July 6, 2010
Book Traces the Antimilitarist Tradition Rooted in Americas Founding
In 2011, federal defense-related expenditures are expected to surpass one trillion dollars. In fiscal year 2010, defense spending accounted for 28% of estimated tax revenues. These numbers are a far cry from the days of the American Revolution and the antimilitarist tradition that has been an important part of the American heritage from its beginning in colonial times. This tradition, with its emphasis upon civil rather than military authority, is an essential element of American freedom and democracy.
In the reissue of The Civilian and the Military: A History of the American Antimilitarist Tradition (May 27, 2010 / The Independent Institute) by Arthur A. Ekirch, Jr., a founding Member of the Board of Advisors of the Independent Institute, the question of the militarys proper role in relation to civil society is explored through the lens of Americas eras of peace and times of war. This edition features a new foreword by Ralph Raico, Professor Emeritus of History at Buffalo State College and Associate Editor of The Independent Review.
Ekirch, a professor of American intellectual history who taught at Hofstra University, American University, and the University at Albany, writes that, Though involved in numerous wars, the United States has avoided becoming a militaristic nation, and the American people, though hardly pacifists, have been staunch opponents of militarism, which is the permeation of civil society by military institutions, influences, and values. In his book, Ekirch argues that subordinating the armed forces to civil rule is essential to the survival of freedom. As Raico explains in his new foreword, The Civilian and the Military traces the portentous transformation of the United States from a republic leery of maintaining its own standing army to the worlds greatest military machine and sole imperial power.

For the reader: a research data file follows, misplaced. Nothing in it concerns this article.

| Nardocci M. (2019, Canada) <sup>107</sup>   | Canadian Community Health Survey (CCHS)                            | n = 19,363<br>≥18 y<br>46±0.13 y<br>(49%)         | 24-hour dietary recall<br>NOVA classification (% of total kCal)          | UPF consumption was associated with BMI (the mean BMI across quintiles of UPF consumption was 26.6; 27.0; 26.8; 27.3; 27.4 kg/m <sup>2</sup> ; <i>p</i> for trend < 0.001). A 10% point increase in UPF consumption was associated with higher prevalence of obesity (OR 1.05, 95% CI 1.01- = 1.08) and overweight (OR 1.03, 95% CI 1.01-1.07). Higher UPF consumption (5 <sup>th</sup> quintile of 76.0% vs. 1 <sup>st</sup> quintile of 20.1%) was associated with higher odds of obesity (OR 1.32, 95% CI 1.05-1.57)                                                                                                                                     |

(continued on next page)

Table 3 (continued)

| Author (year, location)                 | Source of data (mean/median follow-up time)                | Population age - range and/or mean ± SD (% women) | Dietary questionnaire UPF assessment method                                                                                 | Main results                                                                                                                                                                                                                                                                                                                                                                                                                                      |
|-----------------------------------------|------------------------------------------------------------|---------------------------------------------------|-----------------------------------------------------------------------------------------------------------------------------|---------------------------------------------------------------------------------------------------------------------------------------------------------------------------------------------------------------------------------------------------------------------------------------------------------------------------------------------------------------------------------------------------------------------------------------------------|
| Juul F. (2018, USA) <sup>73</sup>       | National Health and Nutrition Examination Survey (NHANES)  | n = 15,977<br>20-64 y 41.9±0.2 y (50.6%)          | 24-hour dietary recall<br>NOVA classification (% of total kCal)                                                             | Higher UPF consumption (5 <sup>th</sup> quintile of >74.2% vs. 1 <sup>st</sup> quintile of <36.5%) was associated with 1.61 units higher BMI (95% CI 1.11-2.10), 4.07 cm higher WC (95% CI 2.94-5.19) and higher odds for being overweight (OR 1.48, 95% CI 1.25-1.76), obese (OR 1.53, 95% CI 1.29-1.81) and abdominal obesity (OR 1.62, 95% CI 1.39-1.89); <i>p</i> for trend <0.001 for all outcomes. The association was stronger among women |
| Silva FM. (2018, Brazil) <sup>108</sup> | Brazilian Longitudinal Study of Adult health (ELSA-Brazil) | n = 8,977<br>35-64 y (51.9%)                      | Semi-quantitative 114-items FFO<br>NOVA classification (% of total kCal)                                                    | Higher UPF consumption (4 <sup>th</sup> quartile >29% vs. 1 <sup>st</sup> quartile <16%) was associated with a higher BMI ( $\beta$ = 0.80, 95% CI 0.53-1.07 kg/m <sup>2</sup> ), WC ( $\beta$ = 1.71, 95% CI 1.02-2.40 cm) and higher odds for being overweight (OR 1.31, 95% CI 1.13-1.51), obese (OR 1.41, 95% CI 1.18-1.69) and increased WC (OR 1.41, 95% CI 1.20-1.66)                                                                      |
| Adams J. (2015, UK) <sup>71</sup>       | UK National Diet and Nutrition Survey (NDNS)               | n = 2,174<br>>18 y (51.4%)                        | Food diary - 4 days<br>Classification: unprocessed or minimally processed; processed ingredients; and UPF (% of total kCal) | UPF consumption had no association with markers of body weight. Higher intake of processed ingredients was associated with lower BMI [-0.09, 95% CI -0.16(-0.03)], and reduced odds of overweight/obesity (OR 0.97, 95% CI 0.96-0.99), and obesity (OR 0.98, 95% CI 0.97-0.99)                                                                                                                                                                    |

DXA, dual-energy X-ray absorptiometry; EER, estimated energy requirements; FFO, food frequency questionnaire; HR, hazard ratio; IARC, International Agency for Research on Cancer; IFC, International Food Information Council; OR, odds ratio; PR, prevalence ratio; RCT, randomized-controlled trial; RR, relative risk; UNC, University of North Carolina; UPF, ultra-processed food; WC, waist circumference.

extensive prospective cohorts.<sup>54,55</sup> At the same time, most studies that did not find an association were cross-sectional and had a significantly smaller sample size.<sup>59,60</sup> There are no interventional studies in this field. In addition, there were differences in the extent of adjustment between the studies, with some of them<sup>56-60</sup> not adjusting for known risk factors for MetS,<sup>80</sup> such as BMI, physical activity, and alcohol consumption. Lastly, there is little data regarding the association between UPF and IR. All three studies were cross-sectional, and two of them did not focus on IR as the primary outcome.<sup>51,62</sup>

The antimilitarist tradition was defended staunchly during the Revolution, but the War of 1812 subverted this sentiment as it spread American nationalism and laid the foundation for permanent taxes and military establishments. The Civil War further separated America from its antimilitarist roots when it was placed under what amounted to a military dictatorship. However, with the surrender of the Confederacy, Americans regained their wariness of militarism.
Unable to resist the call to arms for long, however, the Spanish-American War and later World War I saw an increase in defense spending to unprecedented levels, and many advocated conscription and mandatory military training in schools. The state of total war induced by U.S. involvement in World War II significantly undermined the antimilitarist tradition. Most aspects of civilian life were made subservient to the needs of the military, which came to be viewed as a key tool to achieve U.S. foreign policy goals. As Ekirch presciently foresaw, even a peaceful resolution of the Cold War was not sufficient to release the American people from the power of the Pentagon and its corporate allies.
Since World War II, the U.S. has involved itself in numerous military conflicts overseasusually in the name of peace and democracyand resources at home are increasingly allocated toward supporting these crusades. Ekirchs book warns that the inability, or refusal, of the world to recognize the existence of this militarism. . . . imperils the future of both liberalism and democracy.
With the reissue of The Civilian and the Military, a new generation of readers can discover the antimilitarist tradition as it has played out from the Founding Era to the Cold War. Faced with a costly War on Terror that has been perpetuated far beyond initial projections and has metastasized to affect nearly every aspect of federal policy, as well as civilian life, understanding the significance of antimilitarism and restoring its value in the minds of Americans is vital to the renewal of peace and to the preservation of individual liberties.
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